Like many genres, comedy is all but forgotten come awards season. This year, the trend reached a somewhat absurd endpoint when David O. Russell's somber "Joy" and the nerdy space adventure "The Martian" sneaked into the comedy category at the Golden Globes.

It's one reason why Leonardo DiCaprio was passed over for his brilliantly outlandish performance in Martin Scorsese's "The Wolf of Wall Street," but is likely to win instead for crawling in mud and eating bison liver in "The Revenant." Only one of the 20 acting nominees this year - Jennifer Jason Leigh in "The Hateful Eight"- is straightforwardly comic. And even she takes a beating.

Films from outside English-speaking countries and documentaries have virtually no chance of gaining the same consideration for best picture as a historical epic or a lavish costume drama. If they did, the French-produced Turkish drama "Mustang," the tremendous debut by Deniz Gamze Erguven, might be vying alongside "Spotlight." Or Joshua Oppenheimer's documentary on Indonesian genocide, "The Look of Silence," might be a rival to "Bridge of Spies."

The Oscars are less about rewarding the best films than affirming Hollywood's sense of itself - which is why exclusion so outrages. They are, the New Yorker's Richard Brody has written, "Hollywood's idealized self-portrait." That's one reason why Alejandro Inarritu's "Birdman" - a film about a Hollywood star striving for artistic salvation outside of superhero films - won best picture last year. It was a vote not just for "Birdman," but against Marvel domination.

Any award show is built on the consensus, and thus can drain away daring candidates, like Spike Lee's bristling "Chi-Raq," the iPhone-shot "Tangerine" or the fresh coming-of-age tale "Diary of a Teenage Girl."

Yet despite often rewarding mediocre films that fit a narrow standard, the Oscars matter. Outside of a Nobel or a Pulitzer, no award is more affixed to a person's legacy; "Oscar winner" is a tag that lasts past death.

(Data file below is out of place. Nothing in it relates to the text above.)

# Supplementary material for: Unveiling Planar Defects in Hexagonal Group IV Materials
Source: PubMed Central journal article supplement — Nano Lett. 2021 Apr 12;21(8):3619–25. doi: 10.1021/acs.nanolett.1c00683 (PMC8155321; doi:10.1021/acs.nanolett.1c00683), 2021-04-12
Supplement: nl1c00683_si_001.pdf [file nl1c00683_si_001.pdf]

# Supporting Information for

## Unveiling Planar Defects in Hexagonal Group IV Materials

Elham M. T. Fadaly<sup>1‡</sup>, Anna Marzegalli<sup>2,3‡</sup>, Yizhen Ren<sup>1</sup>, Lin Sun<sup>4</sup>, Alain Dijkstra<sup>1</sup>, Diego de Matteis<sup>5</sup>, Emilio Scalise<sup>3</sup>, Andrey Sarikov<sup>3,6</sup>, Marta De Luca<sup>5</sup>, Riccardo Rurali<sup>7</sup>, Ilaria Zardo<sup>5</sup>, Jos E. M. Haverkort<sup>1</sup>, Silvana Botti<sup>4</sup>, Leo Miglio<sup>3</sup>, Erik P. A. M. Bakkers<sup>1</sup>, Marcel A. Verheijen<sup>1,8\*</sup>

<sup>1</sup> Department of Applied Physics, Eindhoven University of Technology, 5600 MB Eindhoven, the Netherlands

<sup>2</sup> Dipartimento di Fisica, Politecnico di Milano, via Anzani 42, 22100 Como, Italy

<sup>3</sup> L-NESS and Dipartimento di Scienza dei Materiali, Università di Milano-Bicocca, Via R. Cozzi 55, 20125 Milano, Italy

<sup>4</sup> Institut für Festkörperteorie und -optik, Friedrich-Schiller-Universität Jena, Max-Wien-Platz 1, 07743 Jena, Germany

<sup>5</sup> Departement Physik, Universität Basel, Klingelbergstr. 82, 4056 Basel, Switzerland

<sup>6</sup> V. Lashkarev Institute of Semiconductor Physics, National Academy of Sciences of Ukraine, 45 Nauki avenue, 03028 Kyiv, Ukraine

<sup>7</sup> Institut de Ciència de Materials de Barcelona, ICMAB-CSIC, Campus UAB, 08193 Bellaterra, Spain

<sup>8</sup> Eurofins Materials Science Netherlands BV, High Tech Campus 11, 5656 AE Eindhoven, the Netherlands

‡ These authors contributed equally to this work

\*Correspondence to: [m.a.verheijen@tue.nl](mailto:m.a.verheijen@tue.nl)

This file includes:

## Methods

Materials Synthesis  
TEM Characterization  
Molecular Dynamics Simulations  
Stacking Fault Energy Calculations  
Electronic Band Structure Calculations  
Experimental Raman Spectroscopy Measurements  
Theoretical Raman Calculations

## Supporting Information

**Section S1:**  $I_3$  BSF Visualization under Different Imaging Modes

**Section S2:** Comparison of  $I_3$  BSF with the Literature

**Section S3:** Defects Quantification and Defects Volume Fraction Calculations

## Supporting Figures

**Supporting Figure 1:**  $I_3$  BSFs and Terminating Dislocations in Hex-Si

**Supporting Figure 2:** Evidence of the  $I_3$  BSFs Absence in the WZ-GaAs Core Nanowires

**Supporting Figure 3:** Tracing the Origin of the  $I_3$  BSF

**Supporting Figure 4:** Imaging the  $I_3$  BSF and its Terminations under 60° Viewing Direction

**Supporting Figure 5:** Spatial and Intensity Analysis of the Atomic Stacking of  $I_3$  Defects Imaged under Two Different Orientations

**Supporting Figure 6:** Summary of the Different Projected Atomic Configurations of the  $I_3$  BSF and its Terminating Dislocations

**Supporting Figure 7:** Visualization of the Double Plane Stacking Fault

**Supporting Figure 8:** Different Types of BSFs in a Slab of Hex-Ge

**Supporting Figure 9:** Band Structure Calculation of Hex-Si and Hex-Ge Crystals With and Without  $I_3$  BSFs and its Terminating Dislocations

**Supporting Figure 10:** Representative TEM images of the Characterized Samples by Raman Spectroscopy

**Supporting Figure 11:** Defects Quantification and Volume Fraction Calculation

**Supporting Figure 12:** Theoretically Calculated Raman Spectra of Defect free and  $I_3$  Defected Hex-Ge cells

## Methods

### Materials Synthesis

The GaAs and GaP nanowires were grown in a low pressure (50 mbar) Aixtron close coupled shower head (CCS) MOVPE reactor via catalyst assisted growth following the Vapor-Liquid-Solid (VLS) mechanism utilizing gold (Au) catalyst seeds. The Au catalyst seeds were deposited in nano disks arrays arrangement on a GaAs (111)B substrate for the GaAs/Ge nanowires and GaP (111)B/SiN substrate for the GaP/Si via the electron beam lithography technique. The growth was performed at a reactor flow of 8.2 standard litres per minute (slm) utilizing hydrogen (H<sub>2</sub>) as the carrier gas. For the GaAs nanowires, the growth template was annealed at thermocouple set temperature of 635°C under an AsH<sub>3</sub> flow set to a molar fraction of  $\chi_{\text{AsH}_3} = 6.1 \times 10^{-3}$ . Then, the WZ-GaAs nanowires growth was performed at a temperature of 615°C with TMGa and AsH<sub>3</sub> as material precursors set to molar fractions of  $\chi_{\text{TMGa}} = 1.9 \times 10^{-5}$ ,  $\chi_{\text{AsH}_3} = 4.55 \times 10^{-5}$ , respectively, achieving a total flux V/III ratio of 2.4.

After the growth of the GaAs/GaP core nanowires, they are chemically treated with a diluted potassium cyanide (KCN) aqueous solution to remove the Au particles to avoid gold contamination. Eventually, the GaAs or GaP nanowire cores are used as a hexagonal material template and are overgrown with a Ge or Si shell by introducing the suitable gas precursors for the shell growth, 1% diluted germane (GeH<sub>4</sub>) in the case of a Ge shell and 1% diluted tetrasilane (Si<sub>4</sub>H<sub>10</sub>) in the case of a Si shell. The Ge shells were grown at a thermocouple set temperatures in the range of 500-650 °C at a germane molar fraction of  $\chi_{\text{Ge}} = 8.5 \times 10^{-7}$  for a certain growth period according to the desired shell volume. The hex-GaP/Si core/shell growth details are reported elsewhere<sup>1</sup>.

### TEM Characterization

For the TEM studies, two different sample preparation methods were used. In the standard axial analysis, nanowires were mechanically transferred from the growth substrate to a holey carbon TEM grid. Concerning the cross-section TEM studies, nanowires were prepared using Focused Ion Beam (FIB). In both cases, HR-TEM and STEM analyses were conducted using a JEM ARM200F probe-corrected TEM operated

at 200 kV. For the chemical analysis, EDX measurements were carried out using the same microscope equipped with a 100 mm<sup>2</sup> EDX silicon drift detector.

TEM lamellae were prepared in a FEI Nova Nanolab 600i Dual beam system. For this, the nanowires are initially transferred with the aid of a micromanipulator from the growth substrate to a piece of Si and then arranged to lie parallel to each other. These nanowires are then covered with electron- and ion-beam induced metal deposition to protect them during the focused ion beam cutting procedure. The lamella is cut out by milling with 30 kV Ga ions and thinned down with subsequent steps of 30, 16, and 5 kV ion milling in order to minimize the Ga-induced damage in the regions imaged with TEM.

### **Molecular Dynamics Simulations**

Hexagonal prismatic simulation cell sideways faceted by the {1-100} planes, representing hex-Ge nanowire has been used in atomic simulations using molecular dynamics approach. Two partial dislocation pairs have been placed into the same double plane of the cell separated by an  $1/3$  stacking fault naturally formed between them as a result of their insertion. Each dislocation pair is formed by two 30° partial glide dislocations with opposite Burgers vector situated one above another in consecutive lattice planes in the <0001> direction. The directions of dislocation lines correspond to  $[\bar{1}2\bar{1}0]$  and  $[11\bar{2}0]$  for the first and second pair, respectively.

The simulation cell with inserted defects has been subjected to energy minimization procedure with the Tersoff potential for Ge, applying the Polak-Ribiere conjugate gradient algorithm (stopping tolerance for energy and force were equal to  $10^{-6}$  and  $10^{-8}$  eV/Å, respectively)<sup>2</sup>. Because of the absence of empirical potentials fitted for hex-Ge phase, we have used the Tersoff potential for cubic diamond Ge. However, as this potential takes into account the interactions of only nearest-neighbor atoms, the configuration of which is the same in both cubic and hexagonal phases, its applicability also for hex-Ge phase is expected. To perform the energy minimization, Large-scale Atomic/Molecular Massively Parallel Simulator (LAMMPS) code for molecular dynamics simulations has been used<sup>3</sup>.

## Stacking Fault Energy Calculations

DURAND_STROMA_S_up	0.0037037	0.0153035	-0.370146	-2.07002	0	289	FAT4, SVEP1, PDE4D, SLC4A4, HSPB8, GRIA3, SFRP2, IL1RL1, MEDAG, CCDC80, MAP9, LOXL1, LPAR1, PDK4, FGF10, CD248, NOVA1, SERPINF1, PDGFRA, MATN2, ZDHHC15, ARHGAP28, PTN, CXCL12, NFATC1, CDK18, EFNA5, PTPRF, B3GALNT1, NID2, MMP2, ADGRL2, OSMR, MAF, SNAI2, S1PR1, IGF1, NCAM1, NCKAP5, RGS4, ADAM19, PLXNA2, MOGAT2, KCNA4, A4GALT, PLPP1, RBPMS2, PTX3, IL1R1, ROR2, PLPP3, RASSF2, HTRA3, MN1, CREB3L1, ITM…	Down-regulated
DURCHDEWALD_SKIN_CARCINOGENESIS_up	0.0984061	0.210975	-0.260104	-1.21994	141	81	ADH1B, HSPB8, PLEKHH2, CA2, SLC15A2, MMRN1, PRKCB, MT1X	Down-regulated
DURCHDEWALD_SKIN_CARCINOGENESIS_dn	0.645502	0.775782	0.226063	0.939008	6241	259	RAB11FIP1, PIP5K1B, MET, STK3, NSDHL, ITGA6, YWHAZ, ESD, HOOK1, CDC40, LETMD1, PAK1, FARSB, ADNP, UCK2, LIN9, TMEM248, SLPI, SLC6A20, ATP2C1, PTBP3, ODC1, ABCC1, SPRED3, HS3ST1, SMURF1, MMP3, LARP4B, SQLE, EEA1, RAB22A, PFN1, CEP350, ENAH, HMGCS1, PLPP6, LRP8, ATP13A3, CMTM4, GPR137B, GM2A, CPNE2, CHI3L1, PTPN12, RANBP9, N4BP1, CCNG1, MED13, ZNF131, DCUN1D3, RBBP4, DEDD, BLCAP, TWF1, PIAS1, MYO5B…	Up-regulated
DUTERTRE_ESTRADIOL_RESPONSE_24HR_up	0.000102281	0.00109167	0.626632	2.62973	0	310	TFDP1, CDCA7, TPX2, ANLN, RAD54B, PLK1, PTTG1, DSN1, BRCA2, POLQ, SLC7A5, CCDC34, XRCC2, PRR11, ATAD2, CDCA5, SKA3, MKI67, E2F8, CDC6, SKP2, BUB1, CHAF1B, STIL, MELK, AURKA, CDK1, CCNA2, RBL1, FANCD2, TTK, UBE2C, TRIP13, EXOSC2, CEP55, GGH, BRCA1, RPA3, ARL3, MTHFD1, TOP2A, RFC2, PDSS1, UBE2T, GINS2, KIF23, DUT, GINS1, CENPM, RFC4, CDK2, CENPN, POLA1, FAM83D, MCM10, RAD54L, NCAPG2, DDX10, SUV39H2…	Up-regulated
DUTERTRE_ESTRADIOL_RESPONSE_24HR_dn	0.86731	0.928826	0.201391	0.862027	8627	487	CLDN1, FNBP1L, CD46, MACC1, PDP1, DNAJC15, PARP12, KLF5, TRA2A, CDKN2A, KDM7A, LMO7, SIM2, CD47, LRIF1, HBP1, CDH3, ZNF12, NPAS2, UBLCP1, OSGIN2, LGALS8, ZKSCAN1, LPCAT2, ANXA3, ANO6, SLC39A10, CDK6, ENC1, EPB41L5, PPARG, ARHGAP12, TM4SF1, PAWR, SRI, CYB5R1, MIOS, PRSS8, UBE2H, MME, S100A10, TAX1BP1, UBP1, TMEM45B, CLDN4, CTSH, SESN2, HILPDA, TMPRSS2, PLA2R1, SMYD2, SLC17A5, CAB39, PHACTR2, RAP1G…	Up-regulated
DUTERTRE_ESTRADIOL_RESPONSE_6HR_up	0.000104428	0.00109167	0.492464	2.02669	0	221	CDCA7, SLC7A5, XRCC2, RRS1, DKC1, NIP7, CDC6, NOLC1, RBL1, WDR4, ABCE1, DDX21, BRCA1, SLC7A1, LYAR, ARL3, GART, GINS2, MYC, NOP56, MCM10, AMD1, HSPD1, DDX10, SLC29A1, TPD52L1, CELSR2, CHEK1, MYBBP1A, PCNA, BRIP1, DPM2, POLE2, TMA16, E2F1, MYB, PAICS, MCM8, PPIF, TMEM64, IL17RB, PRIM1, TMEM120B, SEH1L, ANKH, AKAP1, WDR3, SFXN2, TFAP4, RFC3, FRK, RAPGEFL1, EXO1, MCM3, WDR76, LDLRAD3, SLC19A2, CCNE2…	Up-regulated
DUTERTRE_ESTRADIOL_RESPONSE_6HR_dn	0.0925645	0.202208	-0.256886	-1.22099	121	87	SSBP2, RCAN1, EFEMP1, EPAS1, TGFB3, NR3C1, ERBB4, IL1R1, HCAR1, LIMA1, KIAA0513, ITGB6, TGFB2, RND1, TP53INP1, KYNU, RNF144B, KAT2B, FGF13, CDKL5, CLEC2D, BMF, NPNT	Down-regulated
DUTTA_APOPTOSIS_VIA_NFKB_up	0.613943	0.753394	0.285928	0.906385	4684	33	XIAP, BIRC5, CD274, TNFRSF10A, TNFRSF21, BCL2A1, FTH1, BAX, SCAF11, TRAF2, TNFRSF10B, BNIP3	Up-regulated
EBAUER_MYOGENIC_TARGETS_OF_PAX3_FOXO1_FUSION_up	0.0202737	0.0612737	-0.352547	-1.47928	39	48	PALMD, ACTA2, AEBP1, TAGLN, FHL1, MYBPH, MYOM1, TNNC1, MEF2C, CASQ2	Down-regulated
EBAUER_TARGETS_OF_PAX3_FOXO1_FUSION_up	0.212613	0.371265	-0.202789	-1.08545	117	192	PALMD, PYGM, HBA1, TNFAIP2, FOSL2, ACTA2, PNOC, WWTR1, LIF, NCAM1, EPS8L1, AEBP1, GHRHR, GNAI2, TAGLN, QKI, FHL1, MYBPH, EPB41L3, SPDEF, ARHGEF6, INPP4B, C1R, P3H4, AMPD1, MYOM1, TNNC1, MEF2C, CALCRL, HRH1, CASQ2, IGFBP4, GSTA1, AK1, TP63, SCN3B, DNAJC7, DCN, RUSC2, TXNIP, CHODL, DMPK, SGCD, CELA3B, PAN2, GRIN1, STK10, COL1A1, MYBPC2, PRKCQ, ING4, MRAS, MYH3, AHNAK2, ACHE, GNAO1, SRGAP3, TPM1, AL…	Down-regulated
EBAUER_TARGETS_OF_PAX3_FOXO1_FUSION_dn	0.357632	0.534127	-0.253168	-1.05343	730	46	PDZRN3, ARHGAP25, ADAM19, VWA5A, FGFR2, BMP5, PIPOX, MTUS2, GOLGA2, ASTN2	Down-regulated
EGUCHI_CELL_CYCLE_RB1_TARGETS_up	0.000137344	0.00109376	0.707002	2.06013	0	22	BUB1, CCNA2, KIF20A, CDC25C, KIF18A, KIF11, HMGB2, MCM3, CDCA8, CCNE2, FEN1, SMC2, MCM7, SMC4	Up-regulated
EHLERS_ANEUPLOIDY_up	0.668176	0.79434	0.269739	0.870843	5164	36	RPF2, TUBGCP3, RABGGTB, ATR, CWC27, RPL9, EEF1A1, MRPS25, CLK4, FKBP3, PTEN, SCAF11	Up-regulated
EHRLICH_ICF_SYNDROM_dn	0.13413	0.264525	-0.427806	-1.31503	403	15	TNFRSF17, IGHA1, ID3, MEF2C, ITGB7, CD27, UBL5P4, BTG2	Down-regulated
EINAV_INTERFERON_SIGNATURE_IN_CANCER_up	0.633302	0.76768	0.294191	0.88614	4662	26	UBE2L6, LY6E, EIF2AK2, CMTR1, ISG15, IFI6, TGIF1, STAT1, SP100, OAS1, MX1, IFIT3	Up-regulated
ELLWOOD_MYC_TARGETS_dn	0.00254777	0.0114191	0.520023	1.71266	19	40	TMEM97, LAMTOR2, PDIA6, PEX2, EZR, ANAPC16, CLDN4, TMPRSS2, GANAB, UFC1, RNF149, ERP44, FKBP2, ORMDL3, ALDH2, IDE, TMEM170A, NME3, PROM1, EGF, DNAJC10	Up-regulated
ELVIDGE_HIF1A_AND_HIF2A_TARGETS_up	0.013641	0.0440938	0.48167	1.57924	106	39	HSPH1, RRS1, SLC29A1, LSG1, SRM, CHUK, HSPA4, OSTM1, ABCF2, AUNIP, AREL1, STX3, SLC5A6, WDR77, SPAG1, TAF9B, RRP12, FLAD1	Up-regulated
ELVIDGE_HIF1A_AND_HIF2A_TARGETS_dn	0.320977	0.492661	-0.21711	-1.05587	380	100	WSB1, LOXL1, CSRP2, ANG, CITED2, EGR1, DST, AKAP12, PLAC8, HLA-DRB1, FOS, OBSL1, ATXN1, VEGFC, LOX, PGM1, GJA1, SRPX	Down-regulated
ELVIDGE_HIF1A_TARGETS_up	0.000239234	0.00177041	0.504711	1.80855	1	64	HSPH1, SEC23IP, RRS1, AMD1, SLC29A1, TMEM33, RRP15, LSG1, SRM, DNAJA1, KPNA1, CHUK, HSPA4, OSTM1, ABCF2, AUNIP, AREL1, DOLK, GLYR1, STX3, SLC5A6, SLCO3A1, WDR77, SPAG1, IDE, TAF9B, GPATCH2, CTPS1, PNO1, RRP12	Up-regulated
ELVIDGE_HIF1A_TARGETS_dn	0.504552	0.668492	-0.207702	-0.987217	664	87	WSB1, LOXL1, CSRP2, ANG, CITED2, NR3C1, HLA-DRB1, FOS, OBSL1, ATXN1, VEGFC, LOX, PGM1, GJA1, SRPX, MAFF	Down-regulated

But it's worth remembering: The lack of one didn't do much to dull the luster of Alfred Hitchcock, Cary Grant, Barbara Stanwyck, Akira Kurosawa, Ingmar Bergman, Fred Astaire, Joseph Cotton or Marilyn Monroe.



Advertisements

Latest Entertainment News

  • BET Awards sees Remy Ma beat Nicki Minaj as 90s R&B shines

    Entertainment Toronto Sun
    Remy Ma has ended rival Nicki Minaj’s seven-year winning streak at the 2017 BET Awards, a show highlighted by ’90s R&B and groups popular in that decade. Ma, who returned from jail in 2014, won best female hip hop artist Sunday in Los Angeles, an award Minaj has won since 2010. Source
  • The Flash actor in upcoming Spider-Man movie happy producers didn't require Latino explanation

    Entertainment Toronto Sun
    Actor Tony Revolori has heaped praise on the writers and producers of the new Spider-Man movie for not explaining why his character, The Flash, is Latino. The Grand Budapest Hotel star plays the speedy superhero in Spider-Man: Homecoming and still can’t believe producers Amy Pascal and Kevin Feige just let his character exist in the film. Source
  • Arnold Schwarzenegger teams with French president to troll Trump on Twitter